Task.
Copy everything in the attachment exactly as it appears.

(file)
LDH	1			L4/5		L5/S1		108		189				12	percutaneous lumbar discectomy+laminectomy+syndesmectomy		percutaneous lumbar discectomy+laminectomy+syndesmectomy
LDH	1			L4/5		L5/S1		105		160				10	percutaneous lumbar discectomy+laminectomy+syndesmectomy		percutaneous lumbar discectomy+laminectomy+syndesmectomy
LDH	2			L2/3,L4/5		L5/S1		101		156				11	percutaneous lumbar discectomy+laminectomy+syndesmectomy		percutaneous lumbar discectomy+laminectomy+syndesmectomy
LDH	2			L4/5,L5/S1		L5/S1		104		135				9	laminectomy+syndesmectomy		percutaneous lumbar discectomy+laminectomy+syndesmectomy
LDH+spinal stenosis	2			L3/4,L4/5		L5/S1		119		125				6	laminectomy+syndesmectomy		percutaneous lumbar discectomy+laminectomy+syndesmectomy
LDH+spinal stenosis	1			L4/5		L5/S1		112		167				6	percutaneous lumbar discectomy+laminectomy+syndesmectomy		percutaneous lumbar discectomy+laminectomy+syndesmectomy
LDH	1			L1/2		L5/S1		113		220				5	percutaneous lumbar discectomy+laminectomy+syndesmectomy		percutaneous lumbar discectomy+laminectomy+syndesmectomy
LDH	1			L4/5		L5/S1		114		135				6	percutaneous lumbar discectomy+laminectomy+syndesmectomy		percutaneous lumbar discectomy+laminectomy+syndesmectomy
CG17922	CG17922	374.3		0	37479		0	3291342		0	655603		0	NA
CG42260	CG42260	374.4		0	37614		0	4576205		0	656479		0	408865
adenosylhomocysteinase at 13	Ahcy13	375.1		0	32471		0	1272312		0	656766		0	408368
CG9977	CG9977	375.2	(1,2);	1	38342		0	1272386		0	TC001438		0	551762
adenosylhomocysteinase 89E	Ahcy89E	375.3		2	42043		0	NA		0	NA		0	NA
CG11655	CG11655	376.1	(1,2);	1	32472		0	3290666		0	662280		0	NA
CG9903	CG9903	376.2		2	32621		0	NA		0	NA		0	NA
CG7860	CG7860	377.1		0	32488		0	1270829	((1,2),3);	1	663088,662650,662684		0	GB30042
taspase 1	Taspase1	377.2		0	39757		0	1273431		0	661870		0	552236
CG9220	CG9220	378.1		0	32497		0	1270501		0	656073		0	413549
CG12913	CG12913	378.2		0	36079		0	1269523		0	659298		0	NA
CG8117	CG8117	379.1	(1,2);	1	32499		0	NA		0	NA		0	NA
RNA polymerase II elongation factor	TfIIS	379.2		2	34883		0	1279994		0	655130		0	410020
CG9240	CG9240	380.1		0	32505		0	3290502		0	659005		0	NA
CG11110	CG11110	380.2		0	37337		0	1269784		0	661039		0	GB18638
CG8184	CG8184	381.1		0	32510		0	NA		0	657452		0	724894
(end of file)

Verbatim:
LDH	1			L4/5		L5/S1		108		189				12	percutaneous lumbar discectomy+laminectomy+syndesmectomy		percutaneous lumbar discectomy+laminectomy+syndesmectomy
LDH	1			L4/5		L5/S1		105		160				10	percutaneous lumbar discectomy+laminectomy+syndesmectomy		percutaneous lumbar discectomy+laminectomy+syndesmectomy
LDH	2			L2/3,L4/5		L5/S1		101		156				11	percutaneous lumbar discectomy+laminectomy+syndesmectomy		percutaneous lumbar discectomy+laminectomy+syndesmectomy
LDH	2			L4/5,L5/S1		L5/S1		104		135				9	laminectomy+syndesmectomy		percutaneous lumbar discectomy+laminectomy+syndesmectomy
LDH+spinal stenosis	2			L3/4,L4/5		L5/S1		119		125				6	laminectomy+syndesmectomy		percutaneous lumbar discectomy+laminectomy+syndesmectomy
LDH+spinal stenosis	1			L4/5		L5/S1		112		167				6	percutaneous lumbar discectomy+laminectomy+syndesmectomy		percutaneous lumbar discectomy+laminectomy+syndesmectomy
LDH	1			L1/2		L5/S1		113		220				5	percutaneous lumbar discectomy+laminectomy+syndesmectomy		percutaneous lumbar discectomy+laminectomy+syndesmectomy
LDH	1			L4/5		L5/S1		114		135				6	percutaneous lumbar discectomy+laminectomy+syndesmectomy		percutaneous lumbar discectomy+laminectomy+syndesmectomy
CG17922	CG17922	374.3		0	37479		0	3291342		0	655603		0	NA
CG42260	CG42260	374.4		0	37614		0	4576205		0	656479		0	408865
adenosylhomocysteinase at 13	Ahcy13	375.1		0	32471		0	1272312		0	656766		0	408368
CG9977	CG9977	375.2	(1,2);	1	38342		0	1272386		0	TC001438		0	551762
adenosylhomocysteinase 89E	Ahcy89E	375.3		2	42043		0	NA		0	NA		0	NA
CG11655	CG11655	376.1	(1,2);	1	32472		0	3290666		0	662280		0	NA
CG9903	CG9903	376.2		2	32621		0	NA		0	NA		0	NA
CG7860	CG7860	377.1		0	32488		0	1270829	((1,2),3);	1	663088,662650,662684		0	GB30042
taspase 1	Taspase1	377.2		0	39757		0	1273431		0	661870		0	552236
CG9220	CG9220	378.1		0	32497		0	1270501		0	656073		0	413549
CG12913	CG12913	378.2		0	36079		0	1269523		0	659298		0	NA
CG8117	CG8117	379.1	(1,2);	1	32499		0	NA		0	NA		0	NA
RNA polymerase II elongation factor	TfIIS	379.2		2	34883		0	1279994		0	655130		0	410020
CG9240	CG9240	380.1		0	32505		0	3290502		0	659005		0	NA
CG11110	CG11110	380.2		0	37337		0	1269784		0	661039		0	GB18638
CG8184	CG8184	381.1		0	32510		0	NA		0	657452		0	724894